If one were asked to name the greatest work of literature of all time, there would be only a handful of serious contenders. Both of Homer’s classics would make the short list. Perhaps Virgil’s epic would also qualify. Possibly one or two of Shakespeare’s tragedies. And there is little doubt that Dante’s magnum opus, The Divine Comedy, would make the grade.

And yet an e-mail that I’ve received from someone leading a small study group on The Divine Comedy has asked the awkward question that all readers of Dante are eventually forced to confront. “We’re around Canto 27 or so of the Inferno,” my correspondent informed me “and have already met a pope in hell with more before him and more to come after, and then an Italian bad guy who became a Franciscan and was reputed to have died in sanctity. (Plus numerous other named sinners.) Isn’t Dante committing the sin of detraction against these people? Isn’t he causing scandal by putting popes and other known people in hell? What are we supposed to do with this? Just ignore it? Call it poetic license?”

These are great questions that deserve and indeed demand answers.

My correspondent’s discomfort with what might be termed Dante’s judgmentalism is understandable. It’s not for any of us to presume that anyone is in hell. I think it fair, therefore, to question this aspect of Dante’s approach. In his defense, I would suggest that he wanted to avoid writing a crudely formal allegory about the deadly sins which would have been the case had he presented them as personified abstractions. In putting real people in hell and purgatory, it enlivens his story, bringing it to life literarily. He is, therefore, employing poetic license.

Whether this is sufficient reason for the crime of judgmentalism is, however, questionable. Might he not have been better served had he peopled his afterlife with fictional characters of his own invention, suggestive perhaps and inspired no doubt by real life historical people, but not actually naming them and therefore damning them (at least literarily)? If he had done this, he would not only have avoided the sin of judgmentalism but would have saved generations of readers from having to read the historical context surrounding the real-life people whom he consigns to hell or purgatory.

Needless to say, there would be no problem with his naming of the canonized saints in Paradise but the irony is that Dante actually places a canonized saint in hell! He consigns Saint Celestine V to the vestibule of hell for what he termed Celestine’s “great refusal” to accept and embrace the papal office. Although Dante doesn’t name Celestine V directly as the “coward” who made the “great refusal,” it has been accepted by most critics that Celestine was indeed the “cowardly” soul whom the great Florentine singles out for his scorn. It seems that Dante vents his spleen against Celestine, not so much for his resignation per se but for the fact that his resignation had enabled Dante’s enemy, Boniface VIII, to become pope.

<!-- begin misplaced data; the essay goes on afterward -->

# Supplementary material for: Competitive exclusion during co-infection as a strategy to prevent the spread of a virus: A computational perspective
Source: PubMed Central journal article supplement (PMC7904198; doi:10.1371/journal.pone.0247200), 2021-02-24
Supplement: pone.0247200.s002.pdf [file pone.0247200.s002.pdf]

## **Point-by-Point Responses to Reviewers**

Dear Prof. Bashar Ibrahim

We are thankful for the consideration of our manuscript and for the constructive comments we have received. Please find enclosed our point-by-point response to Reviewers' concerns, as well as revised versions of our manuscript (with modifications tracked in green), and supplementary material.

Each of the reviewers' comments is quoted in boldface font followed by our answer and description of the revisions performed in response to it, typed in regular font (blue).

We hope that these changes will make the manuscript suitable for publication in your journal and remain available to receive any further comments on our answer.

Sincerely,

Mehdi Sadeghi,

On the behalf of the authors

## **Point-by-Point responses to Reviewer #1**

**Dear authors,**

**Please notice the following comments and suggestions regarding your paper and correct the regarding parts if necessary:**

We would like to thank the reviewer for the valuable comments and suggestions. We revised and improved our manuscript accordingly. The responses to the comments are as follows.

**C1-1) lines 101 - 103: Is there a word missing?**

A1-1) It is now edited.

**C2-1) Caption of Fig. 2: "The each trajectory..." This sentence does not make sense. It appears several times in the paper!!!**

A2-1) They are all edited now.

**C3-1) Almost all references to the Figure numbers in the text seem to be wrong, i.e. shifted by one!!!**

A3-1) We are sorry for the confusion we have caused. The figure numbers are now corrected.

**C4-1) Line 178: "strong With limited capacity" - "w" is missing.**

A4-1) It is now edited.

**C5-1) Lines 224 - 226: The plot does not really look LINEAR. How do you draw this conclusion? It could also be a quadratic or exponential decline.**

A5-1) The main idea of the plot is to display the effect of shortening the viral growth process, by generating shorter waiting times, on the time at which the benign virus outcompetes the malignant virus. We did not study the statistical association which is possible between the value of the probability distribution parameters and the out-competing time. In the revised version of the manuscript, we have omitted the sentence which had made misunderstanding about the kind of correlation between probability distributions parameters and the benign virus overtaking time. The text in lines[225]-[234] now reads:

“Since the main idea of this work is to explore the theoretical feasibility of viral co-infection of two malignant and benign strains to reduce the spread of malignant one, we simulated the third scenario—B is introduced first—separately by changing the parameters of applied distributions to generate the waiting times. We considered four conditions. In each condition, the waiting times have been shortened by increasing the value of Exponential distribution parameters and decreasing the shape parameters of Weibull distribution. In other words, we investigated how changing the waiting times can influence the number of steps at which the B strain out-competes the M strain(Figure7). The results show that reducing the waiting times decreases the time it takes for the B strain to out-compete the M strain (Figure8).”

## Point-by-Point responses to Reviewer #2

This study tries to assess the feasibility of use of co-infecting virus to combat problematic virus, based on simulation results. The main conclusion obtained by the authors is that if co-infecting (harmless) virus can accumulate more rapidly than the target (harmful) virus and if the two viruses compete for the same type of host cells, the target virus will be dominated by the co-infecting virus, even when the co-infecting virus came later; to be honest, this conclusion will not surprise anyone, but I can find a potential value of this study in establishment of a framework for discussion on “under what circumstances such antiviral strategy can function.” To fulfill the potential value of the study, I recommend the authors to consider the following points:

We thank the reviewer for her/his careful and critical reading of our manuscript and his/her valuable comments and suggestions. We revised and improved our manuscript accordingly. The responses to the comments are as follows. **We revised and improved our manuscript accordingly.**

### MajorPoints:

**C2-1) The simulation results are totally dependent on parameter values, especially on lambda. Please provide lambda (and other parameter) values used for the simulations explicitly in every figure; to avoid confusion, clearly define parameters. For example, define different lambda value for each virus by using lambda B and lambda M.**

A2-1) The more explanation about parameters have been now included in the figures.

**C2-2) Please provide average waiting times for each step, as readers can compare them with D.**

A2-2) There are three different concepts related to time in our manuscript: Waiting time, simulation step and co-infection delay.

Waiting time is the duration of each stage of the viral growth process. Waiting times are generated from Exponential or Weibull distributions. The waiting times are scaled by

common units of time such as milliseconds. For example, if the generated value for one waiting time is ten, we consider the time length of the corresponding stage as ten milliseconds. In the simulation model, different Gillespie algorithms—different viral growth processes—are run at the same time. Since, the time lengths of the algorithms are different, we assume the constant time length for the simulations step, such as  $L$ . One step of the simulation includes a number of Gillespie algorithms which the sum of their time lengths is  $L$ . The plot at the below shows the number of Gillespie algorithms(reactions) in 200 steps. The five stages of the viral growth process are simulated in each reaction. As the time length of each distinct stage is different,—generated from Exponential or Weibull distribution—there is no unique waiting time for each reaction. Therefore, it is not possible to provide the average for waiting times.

Leaving aside the problem with his naming of specific real-life popes and priests, Dante would be doing nothing wrong in placing fictional popes and priests in hell and purgatory. There have been many bad popes and priests and it is good to embrace and acknowledge the fact. Good Christians should not be afraid to admit that there are bad Christians, including bad priests and popes. Indeed, the paradox is that good Christians know that they are themselves bad Christians!

My final observation is that we should not allow this tragic flaw in Dante’s comedy to blind us to the beauty of the great poet’s engagement with sin (in hell and purgatory), with repentance (in purgatory) and with sanctity (in heaven). It is a majestic work, filled to the brim with Christian insight into man’s relationship with God and his neighbor. In short, we shouldn’t allow the mote in Dante’s eye to become the plank in ours!

[Image Credit: Public Domain]